The Best Way to Select and Store CornUpdate: 11/3/2013
From a food safety standpoint, we recommend selection of corn that has not been exposed to any substantial amount of heat. Exposure to excess heat can increase the susceptibility of fresh corn to microbial contamination.
If you are shopping in the grocery store, your safest bet is corn that is being displayed in a refrigerated produce bin. Next safest would be corn that, while not refrigerated, is still being displayed in a cool store location, out of direct sun and not near a heat source.
These same recommendations apply for corn in a farmer's market or roadside stand. Here display of corn in the shade and out of direct sunlight can be important from a food safety standpoint.
To examine the kernels, gently pull back on part of the husk. The kernels should be plump and tightly arranged in rows.
Due to changes that have occurred over time in commercial corn production, corn has become a food where quality is especially important. Over 70% of all corn found in U.S. grocery stores has been genetically modified in the form of herbicide-tolerant, or HT corn, or the form of insect-resistant, or Bt corn.
(Bt corn gets its name from the transfer of a gene from the soil bacterium, Bacillus thuringiensis, into the corn. A protein toxin produced by this bacterium helps to kill certain insects that might otherwise eat the corn.)
While there is no large scale human research on GE corn and its health impact, we share the concern of many researchers about the introduction of novel proteins into food and their potential for increasing risk of adverse reactions, including food allergies.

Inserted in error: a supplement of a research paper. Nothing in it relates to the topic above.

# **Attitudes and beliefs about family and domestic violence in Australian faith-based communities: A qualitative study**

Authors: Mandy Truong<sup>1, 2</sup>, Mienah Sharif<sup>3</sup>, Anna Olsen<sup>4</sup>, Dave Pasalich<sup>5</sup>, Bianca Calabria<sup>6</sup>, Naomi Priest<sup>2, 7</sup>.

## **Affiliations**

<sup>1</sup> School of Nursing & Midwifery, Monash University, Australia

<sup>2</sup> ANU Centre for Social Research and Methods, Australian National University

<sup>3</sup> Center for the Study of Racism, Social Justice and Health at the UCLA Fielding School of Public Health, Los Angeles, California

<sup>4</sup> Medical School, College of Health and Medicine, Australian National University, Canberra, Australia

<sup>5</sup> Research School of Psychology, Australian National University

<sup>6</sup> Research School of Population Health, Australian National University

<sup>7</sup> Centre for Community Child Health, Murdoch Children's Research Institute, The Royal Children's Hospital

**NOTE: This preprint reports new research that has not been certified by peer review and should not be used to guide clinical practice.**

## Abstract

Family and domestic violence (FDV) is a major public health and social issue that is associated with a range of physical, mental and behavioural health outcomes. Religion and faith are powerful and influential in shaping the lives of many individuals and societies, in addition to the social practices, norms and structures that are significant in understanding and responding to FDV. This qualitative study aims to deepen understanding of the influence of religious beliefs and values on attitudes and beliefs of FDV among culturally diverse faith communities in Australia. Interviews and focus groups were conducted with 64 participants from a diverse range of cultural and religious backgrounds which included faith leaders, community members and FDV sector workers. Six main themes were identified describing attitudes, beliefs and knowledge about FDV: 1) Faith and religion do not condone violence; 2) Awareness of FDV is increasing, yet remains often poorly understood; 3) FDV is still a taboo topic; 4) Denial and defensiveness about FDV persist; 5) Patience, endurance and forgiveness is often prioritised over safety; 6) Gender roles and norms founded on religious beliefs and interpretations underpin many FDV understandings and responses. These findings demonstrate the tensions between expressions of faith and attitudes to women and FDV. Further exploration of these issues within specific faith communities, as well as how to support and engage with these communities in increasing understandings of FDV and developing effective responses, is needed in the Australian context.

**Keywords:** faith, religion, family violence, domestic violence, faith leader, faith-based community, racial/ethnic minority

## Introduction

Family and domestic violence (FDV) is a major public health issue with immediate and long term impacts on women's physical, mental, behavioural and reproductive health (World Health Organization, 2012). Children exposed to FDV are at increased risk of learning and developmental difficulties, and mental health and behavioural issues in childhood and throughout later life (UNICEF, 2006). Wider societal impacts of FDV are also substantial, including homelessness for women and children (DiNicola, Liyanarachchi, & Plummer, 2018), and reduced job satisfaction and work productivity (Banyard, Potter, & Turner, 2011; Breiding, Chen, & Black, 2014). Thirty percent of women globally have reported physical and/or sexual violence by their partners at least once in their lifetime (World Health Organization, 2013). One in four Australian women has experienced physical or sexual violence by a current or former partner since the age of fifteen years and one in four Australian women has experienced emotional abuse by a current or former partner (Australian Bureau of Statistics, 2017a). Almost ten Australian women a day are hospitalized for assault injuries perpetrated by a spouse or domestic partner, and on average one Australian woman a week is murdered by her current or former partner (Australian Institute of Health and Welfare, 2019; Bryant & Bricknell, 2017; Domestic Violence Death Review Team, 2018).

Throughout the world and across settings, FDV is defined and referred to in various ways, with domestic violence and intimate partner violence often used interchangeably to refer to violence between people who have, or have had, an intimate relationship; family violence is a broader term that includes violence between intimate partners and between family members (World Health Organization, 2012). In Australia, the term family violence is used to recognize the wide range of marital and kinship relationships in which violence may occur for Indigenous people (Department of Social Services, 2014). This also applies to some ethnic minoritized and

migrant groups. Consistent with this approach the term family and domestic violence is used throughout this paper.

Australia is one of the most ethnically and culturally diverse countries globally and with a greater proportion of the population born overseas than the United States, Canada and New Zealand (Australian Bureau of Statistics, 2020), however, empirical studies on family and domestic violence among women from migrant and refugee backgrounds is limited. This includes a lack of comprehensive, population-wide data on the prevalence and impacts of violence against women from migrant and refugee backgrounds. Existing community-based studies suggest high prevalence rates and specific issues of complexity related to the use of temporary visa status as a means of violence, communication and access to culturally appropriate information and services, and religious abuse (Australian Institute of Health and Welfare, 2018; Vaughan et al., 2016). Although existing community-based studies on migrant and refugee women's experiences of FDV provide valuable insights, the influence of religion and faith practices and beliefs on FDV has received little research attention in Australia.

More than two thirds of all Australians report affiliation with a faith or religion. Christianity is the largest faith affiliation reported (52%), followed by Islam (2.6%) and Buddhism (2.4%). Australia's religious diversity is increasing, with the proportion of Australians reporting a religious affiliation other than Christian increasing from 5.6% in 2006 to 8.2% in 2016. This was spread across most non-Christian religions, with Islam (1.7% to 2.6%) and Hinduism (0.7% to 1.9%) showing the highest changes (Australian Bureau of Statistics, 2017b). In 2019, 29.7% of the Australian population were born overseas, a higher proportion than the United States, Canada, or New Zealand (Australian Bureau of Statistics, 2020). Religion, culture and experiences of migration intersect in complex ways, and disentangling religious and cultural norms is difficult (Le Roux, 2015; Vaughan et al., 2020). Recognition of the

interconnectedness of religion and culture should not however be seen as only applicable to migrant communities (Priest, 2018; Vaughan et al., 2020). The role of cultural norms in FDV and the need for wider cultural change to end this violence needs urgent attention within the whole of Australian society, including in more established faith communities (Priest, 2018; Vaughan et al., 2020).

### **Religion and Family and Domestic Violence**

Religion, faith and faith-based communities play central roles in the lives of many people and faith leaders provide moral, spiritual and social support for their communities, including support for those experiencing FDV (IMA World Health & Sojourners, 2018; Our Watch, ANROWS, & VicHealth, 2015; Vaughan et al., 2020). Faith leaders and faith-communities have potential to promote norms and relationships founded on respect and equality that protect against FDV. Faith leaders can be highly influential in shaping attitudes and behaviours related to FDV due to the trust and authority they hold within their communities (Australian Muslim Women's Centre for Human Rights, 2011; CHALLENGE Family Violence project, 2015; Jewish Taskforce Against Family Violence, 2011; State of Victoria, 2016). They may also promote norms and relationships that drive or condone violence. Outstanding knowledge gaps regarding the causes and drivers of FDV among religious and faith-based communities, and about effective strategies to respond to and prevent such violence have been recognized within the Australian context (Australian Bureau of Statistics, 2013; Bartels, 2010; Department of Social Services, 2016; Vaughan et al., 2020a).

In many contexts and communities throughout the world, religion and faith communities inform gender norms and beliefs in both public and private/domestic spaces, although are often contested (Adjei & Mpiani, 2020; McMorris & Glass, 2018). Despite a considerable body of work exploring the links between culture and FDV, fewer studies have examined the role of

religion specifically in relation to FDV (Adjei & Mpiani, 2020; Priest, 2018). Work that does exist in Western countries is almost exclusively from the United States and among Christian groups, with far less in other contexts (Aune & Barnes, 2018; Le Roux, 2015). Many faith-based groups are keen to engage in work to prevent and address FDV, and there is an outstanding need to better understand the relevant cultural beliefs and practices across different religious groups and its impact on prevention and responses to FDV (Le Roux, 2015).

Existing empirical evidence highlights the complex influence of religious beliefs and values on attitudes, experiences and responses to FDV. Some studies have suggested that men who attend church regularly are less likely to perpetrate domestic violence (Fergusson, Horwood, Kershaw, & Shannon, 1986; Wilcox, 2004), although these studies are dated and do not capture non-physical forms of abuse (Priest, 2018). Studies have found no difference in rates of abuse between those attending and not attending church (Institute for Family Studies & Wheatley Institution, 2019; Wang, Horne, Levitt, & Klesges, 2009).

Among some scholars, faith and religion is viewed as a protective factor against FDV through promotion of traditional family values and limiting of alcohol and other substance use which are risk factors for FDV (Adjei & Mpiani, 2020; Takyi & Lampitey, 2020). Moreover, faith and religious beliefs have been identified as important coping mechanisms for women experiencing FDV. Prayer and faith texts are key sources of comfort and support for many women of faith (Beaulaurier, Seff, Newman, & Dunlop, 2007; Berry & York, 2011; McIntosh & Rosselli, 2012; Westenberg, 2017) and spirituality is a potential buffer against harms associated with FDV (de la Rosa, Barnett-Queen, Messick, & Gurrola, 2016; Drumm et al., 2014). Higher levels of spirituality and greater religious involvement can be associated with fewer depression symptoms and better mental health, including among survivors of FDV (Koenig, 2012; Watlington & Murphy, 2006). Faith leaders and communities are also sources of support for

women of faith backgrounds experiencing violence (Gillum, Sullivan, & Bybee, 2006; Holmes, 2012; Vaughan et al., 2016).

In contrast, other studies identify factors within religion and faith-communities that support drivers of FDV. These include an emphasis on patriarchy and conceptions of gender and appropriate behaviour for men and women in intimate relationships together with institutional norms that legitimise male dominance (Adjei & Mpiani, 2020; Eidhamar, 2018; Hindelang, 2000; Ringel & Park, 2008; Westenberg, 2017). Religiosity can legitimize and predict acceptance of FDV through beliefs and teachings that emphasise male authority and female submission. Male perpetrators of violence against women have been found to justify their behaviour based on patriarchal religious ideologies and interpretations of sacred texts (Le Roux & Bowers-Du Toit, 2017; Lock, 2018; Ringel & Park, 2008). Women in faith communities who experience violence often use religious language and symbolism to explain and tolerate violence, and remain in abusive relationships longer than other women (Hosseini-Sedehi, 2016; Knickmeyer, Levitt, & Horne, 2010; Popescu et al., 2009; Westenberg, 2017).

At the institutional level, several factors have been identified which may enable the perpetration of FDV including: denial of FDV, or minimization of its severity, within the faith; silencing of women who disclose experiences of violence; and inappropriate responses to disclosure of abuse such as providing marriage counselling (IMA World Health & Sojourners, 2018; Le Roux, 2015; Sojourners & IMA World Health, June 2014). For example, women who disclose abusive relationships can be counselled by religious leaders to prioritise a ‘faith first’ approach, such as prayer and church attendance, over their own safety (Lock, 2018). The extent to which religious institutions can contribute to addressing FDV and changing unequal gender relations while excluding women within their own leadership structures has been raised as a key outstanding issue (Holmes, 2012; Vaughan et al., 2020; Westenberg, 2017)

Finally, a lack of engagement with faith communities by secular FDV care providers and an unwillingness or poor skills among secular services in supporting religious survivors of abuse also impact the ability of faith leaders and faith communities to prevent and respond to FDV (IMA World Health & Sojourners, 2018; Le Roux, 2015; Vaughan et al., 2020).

One way to avoid these potential GE risks is to select certified organic corn, since GE modifications are not allowed in certified organic food.
Like potential GE risks, potential pesticide risks can be avoided through selection of certified organic corn.
Store corn in an air-tight container or tightly wrapped plastic bag in the refrigerator if you do not intend to cook it on the day of purchase.
Do not remove its husk since this will protect its flavor. Fresh corn freezes well if placed in heavy-duty freezer bags. To prepare whole ears for freezing, blanch them first for five minutes depending.
If you just want to freeze the kernels, first blanch the ears and then cut the kernels off the cob at about three-quarters of their depths. Frozen whole corn on the cob will keep for up to one year, while the kernels can be frozen for two to three months.
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